I don’t know what to make of all that…but there’s hope in it that I’m not willing to abandon just yet. When I think about networked scholarship right now, it’s in terms of these contradictions of care and vulnerability, all writ large in the attention economies of our worst and better angels.

Maybe on Thursday, in the #scholar14 hangout, we’ll figure it out together and I’ll know how my paper should end. ;)

13 Comments Networks of Care and Vulnerability

  1. Alan Levine (@cogdog)

    Of all the things I would not want to uses as an academic counter, but here I sit in BC, by virtue of those connections that came from sharing, watching of all things for the first time “Hunger Games” and Donald Sutherland’s sneering president tells us that “hope is the one thing stronger than fear.”

    That’s cheesy. But there are things stronger than fear. Hope is pretty passive in my book, but care… now that is something. Your story of Kate moves me; I too have had loose caring vibes from a person I have not met. I’ve made it my own hobby to collect those experiences, they are my counter weight to all the heaviness we find in these times.

    I have never even met you, but am assured that when it happens, it will be as genuine as a friendship as others I have cultivated this way.

    Care. Fear. Care. Fear. Care. Fear. We operate in both spaces.

    And what an honor to have made an appearance inside your slide deck ;-)

    1. bon

      Alan, smiling at the Hunger Games reference and wondering if “I Volunteer as Tribute” is a good thesis title?

      and yes. care and fear. such is life. this space – if it IS a space which is a whole other conversation – is not removed or sheltered from the complexities of human existence, even where its affordances may make those complexities visible in new or different or particularly troubling ways. the power relations underneath them aren’t new.

      i wonder, sometimes, if maybe the sense of loss i sometimes feel for the nostalgic good ol’ days of open is more about the way in which those early networks were more idealized, removed from the norms of human interaction, rather than reflecting it? i liked those idealized spaces, but then i wonder about who they excluded by their own power relations…and stuff. i wonder.

      1. Alan Levine (@cogdog)

        (getting a torrid visual of a remix “Thesis Games” with all the pomp and violence and…. maybe not)

        I picked up some powerful insights in Paul Ford’s piece on “networks without networks”

        “I don’t remember what I said; I just remember being heard. That’s the secret to building a network. People want to be heard.”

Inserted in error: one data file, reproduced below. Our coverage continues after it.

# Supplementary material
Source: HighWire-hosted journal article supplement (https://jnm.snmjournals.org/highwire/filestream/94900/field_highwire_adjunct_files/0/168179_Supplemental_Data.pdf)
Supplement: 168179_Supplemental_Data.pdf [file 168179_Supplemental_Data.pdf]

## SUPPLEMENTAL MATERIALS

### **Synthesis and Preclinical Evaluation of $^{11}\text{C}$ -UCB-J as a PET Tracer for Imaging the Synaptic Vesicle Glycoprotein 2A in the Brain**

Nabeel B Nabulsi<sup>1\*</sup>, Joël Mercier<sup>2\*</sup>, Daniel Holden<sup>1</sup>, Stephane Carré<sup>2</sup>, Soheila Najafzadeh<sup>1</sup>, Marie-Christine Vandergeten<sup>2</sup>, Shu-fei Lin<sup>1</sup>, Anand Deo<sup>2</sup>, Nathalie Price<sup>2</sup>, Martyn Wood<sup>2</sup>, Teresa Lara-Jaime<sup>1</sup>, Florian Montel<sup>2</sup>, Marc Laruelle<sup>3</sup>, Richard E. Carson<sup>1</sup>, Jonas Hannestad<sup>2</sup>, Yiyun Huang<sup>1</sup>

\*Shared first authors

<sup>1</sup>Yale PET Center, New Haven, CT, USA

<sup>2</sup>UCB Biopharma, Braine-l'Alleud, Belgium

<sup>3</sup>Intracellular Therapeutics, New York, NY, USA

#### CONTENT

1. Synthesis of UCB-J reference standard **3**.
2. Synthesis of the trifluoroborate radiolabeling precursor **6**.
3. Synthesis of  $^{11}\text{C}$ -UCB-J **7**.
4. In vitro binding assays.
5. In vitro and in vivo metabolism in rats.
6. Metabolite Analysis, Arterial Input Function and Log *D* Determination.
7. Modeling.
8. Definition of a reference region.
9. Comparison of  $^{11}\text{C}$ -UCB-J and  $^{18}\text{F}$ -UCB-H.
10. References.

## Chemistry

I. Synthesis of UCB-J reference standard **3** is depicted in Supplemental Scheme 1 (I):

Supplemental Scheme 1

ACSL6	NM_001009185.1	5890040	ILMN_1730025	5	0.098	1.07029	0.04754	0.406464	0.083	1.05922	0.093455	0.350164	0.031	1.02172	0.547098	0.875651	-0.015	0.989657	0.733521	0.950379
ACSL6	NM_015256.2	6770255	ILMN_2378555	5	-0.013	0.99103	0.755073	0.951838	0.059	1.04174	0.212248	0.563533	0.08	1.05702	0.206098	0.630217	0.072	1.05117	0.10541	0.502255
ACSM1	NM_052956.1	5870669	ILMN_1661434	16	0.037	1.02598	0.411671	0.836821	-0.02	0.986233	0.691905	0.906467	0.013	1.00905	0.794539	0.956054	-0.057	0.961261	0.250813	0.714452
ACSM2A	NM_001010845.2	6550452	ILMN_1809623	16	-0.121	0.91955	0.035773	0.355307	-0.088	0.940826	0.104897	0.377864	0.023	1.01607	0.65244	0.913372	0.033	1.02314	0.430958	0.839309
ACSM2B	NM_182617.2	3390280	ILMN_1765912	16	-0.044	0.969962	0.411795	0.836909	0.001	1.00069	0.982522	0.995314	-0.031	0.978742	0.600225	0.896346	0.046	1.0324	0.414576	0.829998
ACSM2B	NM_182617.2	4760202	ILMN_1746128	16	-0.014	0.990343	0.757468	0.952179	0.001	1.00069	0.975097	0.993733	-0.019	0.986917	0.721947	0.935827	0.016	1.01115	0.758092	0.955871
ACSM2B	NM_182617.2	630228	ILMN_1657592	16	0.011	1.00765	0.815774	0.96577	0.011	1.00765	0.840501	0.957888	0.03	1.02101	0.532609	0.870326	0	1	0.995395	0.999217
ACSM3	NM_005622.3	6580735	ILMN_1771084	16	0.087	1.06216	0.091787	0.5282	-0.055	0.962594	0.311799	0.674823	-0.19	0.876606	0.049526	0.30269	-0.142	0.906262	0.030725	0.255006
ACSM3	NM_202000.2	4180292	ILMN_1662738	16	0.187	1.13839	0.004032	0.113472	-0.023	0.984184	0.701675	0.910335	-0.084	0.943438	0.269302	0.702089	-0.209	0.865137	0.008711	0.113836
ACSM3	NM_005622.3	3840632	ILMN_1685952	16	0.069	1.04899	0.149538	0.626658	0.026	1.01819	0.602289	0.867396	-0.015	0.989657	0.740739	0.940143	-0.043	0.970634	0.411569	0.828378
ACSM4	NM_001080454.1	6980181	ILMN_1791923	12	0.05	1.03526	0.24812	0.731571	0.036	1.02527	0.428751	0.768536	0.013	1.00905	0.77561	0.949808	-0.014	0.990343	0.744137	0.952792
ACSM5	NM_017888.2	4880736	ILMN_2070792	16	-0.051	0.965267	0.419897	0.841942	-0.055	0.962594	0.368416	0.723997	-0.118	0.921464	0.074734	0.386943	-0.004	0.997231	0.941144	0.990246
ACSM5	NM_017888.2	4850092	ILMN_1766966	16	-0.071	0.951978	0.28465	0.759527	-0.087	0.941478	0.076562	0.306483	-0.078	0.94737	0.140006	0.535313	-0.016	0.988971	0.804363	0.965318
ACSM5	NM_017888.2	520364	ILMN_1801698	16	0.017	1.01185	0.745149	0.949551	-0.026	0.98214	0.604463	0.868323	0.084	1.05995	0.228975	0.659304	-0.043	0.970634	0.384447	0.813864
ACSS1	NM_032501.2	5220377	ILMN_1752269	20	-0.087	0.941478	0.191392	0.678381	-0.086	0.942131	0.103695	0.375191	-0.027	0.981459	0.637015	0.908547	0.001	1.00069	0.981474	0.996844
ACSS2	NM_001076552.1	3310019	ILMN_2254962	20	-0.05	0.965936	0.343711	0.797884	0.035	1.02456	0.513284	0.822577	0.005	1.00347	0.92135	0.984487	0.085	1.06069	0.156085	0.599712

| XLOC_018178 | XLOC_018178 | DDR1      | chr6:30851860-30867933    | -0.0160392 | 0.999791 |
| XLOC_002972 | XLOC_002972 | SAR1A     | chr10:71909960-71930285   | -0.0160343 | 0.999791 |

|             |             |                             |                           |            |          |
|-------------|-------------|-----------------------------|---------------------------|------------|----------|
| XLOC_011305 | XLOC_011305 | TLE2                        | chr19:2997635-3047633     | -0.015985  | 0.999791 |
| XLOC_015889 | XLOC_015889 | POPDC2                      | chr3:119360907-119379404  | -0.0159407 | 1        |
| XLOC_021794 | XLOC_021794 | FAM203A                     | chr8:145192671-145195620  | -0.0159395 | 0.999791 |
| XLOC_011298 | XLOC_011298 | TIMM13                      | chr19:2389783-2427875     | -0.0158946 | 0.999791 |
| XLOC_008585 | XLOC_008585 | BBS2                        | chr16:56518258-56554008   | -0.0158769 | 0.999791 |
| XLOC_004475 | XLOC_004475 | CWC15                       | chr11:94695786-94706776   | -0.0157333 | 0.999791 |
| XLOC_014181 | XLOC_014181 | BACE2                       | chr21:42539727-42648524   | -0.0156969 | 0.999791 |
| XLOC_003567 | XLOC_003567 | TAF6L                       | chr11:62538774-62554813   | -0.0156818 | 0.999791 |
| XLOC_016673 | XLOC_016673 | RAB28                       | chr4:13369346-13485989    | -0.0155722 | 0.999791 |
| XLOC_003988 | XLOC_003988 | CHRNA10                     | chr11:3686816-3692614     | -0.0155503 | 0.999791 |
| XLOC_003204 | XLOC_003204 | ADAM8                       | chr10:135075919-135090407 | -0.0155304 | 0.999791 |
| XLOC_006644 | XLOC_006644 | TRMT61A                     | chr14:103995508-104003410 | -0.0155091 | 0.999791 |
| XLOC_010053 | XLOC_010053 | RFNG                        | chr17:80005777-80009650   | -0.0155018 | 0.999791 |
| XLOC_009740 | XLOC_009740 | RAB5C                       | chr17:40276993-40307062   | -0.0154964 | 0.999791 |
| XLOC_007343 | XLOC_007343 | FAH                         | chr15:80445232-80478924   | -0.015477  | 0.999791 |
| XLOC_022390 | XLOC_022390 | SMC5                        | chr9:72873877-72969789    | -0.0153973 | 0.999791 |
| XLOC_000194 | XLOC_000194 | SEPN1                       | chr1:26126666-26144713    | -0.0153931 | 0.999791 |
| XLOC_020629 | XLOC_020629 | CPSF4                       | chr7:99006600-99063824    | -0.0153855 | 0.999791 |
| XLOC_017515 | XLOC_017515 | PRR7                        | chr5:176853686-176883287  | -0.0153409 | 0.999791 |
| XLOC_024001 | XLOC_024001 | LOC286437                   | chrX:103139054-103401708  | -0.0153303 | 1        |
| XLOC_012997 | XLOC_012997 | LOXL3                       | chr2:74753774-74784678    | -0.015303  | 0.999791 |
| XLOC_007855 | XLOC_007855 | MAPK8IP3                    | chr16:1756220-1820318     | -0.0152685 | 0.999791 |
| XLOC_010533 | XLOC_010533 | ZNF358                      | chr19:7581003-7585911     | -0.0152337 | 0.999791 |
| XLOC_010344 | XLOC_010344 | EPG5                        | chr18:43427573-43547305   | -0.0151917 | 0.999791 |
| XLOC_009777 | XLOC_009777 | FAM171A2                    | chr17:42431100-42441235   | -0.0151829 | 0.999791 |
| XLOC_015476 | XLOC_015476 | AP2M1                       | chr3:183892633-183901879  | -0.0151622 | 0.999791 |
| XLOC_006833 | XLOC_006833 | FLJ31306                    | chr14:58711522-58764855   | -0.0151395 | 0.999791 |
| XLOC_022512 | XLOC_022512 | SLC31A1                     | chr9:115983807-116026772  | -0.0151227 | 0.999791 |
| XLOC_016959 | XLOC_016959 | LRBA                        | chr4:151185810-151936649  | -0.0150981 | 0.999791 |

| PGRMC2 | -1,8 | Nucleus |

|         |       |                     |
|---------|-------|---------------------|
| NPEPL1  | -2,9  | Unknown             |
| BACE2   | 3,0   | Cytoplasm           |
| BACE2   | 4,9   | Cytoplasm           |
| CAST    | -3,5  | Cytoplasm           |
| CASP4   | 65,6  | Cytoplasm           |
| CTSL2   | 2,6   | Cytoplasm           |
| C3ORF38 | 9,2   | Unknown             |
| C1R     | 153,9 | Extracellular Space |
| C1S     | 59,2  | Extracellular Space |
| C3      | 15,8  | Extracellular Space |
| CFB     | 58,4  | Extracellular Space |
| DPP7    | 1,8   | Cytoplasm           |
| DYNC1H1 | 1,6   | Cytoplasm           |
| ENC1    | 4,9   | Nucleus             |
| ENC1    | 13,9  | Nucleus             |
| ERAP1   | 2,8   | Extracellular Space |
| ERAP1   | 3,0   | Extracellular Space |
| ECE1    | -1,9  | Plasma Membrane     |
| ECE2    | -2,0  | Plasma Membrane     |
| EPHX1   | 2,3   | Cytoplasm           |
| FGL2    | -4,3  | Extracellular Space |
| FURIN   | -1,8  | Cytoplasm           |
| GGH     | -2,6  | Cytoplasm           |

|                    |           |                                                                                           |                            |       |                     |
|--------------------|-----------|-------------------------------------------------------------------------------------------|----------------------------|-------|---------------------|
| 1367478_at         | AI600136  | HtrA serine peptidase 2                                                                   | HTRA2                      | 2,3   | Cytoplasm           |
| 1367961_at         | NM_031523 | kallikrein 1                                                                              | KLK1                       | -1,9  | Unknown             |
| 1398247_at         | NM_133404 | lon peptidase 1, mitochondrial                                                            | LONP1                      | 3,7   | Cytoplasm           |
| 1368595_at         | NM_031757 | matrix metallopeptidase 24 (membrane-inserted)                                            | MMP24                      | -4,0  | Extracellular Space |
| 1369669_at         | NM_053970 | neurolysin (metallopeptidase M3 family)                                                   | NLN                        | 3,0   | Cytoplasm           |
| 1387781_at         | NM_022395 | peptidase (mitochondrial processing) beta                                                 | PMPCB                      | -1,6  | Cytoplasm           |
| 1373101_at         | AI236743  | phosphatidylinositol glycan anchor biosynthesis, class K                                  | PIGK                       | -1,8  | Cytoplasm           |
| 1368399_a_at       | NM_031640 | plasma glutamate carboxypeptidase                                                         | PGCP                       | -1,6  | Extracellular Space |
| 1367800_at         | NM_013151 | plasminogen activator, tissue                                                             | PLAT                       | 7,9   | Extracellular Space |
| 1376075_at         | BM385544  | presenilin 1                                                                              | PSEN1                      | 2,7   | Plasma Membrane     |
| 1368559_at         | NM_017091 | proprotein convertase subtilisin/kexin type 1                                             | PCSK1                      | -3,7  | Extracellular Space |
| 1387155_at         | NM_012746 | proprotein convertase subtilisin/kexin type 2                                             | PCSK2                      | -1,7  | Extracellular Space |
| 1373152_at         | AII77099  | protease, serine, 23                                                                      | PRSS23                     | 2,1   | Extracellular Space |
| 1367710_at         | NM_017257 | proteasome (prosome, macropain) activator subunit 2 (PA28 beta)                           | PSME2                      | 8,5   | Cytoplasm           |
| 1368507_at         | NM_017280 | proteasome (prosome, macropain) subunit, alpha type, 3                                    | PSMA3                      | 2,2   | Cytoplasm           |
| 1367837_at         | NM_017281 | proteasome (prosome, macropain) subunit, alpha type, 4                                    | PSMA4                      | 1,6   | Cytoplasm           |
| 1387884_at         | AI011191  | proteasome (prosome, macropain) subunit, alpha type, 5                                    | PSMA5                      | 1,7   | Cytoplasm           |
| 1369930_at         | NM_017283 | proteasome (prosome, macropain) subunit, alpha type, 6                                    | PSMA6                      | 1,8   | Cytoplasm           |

“Many roads going back through computing history lead back to Steve Jobs, or pause along the way at his office. But they don’t stop there… And further back still: To people reviewing each other’s album collections, back to the post office, the railway systems, radio networks, sporting events. People building roads. Networks are natural things.”

        And then a stuffed teddy bear,

        And porches.

        Front porches.

        The internet has too few front porches.

  2. Luke Hokama

    I love that there are thoughtful people such as yourself taking a good hard look at networked life, especially in the context of education. I can’t think of anyone who participates in online networks and spaces that doesn’t struggle with the issues you raise here, and I think we all benefit from this sort of “thinking out loud.”

    1. bon

      Thanks, Luke. I know I benefit from it, at least, and always appreciate the choral sense of “thinking together” that emerges, sometimes.

  3. Muireann O'Keeffe

    “Because contributing and participating, out in the open – having opinions and ideas in public – has costs”

    I agree! I am an academic developer based in Ireland, for almost 3 years i have grappled with short term contracts in higher ed (HE) interspersed with time off (unpaid) out of the HE, where I tried some different types of work. during these times I took up different activities including my EdD, and spending more time with family.
    During this time I found it disconcerting to Tweet or contribute to social media as I didn’t not feel truly part of the formal systems….. during my period of unemployment. I curtailed my authentic feelings about education and online presence during this time….I felt that if I wanted to be re-employable I had to show face as an employable professional. I felt vulnerable and probably needed ‘care’ from others in the community that I shared a professional interest with but I felt I could not share this online. I would think that many academics are vulnerable in this way, with short term contracts, not quite feeling like part of the academic space, not alone in Ireland but else where I’m sure, I think this example of vulnerability is a barrier for holistic and authentic participation ( for me anyway!) I hope this makes sense ?

  4. Neil

    I think I also offer a new wrench into this discussion, which is almost the opposite of Muireann’s concern. I am an online friend of Bon who I met in an arena completely outside of her academic world. Now normally, I wouldn’t show much interest in her career, but since so much of her work is online, and not behind the ivory tower, I am privvy to see what she writes, and gradually I have started to understand what she — and her cohorts — are talking about? Since we are all for openness online, what is the role of those outside academia who start to nudge their way into your conversations, much as people get photobombed in selfies. While Murieann might feel vulnerable about her role in the formal system, I just jump in with lack of knowledge. This is both good and bad. It opens up learning to those outside of the system. On the other hand, any idiot can now fight with experts with years of experience on Twitter. The doors have been opened to Pandora’s box and we have let everyone have a voice. So, by the way, what time is that Google Hangout tomorrow, Bon?

  5. Simon Ensor

    Glad u survived disneyland qfest too.
    Once u realise u are not alone in caring, the network connection may be cut but you are changed.

    The taste of freedom is powerful and uncontrollable. I prefer angry hope rather than desperate resignation.
    Cf. Blog post No future? Rise up.